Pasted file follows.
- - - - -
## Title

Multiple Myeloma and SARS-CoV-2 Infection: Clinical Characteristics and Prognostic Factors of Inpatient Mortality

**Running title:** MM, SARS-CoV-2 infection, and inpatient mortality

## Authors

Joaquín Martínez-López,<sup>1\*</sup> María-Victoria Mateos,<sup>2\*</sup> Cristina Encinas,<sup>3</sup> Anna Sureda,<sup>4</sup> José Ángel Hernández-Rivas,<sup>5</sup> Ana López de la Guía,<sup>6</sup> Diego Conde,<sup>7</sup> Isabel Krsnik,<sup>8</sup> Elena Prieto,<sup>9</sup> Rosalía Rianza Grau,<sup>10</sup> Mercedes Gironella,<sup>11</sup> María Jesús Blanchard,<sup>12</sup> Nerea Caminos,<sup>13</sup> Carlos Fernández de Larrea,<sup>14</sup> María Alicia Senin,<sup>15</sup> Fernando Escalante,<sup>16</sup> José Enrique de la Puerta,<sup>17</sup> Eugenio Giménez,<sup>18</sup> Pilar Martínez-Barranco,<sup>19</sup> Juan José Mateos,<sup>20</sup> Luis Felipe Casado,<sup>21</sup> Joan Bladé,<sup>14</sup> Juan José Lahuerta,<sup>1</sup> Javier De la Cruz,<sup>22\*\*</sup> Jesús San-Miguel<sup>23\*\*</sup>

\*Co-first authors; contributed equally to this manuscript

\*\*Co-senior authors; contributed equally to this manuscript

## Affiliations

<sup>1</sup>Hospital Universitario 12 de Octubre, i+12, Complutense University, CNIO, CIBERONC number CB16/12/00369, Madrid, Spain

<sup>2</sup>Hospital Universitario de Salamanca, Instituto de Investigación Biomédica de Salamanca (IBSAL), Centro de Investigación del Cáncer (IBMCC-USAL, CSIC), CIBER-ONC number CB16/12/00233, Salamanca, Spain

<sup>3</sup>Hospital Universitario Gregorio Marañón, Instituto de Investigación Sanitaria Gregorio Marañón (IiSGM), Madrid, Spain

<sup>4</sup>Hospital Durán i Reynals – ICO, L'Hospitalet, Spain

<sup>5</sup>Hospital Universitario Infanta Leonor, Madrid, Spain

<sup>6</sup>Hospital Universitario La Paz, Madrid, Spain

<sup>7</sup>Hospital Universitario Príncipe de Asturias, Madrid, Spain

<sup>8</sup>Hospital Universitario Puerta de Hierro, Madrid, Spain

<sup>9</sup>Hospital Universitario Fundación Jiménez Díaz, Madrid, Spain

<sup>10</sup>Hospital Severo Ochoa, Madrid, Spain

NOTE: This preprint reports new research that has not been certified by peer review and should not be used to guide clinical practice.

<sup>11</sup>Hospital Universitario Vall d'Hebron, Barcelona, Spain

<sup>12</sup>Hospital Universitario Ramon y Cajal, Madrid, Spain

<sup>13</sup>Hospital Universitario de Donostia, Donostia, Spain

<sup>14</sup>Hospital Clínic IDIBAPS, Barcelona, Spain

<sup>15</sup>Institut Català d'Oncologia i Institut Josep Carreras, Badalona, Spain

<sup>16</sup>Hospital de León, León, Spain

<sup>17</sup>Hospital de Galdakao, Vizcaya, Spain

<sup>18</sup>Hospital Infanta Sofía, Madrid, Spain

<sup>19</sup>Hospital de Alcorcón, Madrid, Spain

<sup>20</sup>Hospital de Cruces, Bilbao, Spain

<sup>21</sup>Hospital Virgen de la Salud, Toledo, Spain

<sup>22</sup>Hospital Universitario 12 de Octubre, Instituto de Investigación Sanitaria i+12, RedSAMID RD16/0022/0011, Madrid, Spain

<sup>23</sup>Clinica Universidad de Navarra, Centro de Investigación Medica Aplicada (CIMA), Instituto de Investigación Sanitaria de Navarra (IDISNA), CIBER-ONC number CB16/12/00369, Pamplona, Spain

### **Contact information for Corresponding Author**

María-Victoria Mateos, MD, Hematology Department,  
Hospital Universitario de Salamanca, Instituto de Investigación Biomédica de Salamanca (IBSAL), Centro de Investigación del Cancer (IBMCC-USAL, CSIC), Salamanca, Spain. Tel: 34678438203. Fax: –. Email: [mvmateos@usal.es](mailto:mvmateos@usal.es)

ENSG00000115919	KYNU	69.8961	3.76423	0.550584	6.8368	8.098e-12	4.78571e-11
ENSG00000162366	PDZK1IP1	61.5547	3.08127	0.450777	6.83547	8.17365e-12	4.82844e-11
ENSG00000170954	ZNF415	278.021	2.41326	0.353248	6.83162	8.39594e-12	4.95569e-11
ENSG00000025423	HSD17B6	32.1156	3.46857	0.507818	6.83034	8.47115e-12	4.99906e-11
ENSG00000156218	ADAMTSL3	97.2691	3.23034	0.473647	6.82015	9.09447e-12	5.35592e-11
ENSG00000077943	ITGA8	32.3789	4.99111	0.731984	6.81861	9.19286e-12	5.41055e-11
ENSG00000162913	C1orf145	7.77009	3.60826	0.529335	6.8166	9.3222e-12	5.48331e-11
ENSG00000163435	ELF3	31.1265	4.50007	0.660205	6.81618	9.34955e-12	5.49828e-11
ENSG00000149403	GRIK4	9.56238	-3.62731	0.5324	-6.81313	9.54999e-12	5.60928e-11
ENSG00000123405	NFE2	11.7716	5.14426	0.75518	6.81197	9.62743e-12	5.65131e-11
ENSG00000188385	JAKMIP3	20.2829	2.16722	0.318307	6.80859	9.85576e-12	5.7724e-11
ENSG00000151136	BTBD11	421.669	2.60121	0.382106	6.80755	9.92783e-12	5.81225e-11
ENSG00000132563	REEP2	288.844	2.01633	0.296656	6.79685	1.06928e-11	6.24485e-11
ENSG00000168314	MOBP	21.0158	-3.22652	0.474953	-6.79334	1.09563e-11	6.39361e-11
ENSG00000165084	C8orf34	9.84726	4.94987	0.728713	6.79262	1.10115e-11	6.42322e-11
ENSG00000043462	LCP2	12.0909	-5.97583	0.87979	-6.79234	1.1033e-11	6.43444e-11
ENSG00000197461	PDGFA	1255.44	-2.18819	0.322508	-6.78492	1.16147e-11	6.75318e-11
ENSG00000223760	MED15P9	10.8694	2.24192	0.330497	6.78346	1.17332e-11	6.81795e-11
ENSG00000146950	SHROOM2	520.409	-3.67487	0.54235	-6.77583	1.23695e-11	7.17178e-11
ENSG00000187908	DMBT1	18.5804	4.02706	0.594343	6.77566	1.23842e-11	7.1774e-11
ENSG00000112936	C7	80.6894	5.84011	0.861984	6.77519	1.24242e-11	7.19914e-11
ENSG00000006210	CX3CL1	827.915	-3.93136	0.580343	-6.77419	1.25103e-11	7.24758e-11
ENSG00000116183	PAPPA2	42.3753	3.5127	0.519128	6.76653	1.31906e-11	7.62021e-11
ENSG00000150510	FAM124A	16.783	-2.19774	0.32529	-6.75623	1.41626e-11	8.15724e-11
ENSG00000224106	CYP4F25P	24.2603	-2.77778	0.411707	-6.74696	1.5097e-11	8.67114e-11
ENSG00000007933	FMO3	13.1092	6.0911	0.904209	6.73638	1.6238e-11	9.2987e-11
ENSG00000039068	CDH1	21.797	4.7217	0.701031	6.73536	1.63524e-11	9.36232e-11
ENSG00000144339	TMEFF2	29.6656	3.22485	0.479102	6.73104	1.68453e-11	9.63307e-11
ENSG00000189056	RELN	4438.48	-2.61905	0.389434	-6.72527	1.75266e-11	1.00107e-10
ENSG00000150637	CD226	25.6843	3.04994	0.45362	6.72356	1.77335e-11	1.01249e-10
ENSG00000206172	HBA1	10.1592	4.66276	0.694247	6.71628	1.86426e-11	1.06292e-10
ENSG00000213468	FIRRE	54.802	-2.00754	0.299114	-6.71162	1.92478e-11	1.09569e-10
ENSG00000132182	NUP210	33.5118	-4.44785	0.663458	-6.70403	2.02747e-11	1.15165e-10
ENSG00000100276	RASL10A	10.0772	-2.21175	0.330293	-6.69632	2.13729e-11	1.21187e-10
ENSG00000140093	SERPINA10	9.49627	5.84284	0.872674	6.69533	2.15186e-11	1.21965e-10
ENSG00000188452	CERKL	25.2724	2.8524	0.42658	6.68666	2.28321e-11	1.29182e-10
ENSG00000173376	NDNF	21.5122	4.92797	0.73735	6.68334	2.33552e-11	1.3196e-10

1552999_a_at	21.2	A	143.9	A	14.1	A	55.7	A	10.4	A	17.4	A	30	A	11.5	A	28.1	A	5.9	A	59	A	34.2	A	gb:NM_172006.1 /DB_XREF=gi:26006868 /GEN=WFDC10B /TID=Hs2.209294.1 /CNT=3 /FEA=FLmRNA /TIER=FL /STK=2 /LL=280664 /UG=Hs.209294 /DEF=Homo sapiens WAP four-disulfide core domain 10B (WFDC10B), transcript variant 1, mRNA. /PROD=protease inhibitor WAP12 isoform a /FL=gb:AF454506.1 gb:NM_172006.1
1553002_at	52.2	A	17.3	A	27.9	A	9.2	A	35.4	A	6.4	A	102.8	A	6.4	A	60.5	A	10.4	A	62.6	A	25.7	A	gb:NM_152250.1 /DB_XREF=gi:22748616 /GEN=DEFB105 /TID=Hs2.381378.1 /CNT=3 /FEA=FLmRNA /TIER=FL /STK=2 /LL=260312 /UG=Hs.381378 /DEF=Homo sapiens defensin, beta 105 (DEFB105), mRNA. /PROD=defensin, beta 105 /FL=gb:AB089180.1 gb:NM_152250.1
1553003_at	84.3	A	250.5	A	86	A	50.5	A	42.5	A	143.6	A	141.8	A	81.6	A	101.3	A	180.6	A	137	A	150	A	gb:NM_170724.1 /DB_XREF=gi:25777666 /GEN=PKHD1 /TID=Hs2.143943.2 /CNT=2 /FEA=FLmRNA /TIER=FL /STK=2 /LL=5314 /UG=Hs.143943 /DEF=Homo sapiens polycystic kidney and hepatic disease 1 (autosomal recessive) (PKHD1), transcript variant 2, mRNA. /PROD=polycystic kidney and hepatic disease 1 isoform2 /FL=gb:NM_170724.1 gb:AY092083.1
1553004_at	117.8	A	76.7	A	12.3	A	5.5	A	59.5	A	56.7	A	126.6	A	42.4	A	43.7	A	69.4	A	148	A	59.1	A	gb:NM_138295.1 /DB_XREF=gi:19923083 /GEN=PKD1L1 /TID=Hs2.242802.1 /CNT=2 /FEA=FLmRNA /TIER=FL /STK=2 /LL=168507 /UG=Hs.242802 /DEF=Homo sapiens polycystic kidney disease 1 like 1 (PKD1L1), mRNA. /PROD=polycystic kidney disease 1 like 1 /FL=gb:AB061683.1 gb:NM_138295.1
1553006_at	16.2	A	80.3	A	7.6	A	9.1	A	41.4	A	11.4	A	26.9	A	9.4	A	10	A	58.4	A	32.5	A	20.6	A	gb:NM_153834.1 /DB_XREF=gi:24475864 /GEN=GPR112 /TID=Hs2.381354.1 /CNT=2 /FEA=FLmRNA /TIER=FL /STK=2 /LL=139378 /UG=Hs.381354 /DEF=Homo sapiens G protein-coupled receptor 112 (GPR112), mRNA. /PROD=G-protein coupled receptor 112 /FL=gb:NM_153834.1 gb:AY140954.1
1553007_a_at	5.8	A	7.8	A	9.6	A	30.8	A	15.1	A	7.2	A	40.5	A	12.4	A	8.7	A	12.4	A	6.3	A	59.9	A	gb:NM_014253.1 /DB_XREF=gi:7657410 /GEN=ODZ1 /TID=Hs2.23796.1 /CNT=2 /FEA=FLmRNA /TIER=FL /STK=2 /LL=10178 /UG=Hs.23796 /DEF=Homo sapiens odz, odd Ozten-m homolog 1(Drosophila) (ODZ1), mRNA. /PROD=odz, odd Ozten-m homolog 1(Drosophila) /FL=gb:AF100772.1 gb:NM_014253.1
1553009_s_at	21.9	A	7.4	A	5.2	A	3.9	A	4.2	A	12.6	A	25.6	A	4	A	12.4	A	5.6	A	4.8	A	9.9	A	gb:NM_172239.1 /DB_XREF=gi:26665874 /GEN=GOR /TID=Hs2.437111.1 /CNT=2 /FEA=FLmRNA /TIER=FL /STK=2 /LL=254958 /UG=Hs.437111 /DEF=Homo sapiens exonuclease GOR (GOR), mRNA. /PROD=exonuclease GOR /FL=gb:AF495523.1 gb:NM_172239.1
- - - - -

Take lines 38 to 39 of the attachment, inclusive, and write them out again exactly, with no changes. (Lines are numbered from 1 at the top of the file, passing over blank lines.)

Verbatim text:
ENSG00000170954	ZNF415	278.021	2.41326	0.353248	6.83162	8.39594e-12	4.95569e-11
ENSG00000025423	HSD17B6	32.1156	3.46857	0.507818	6.83034	8.47115e-12	4.99906e-11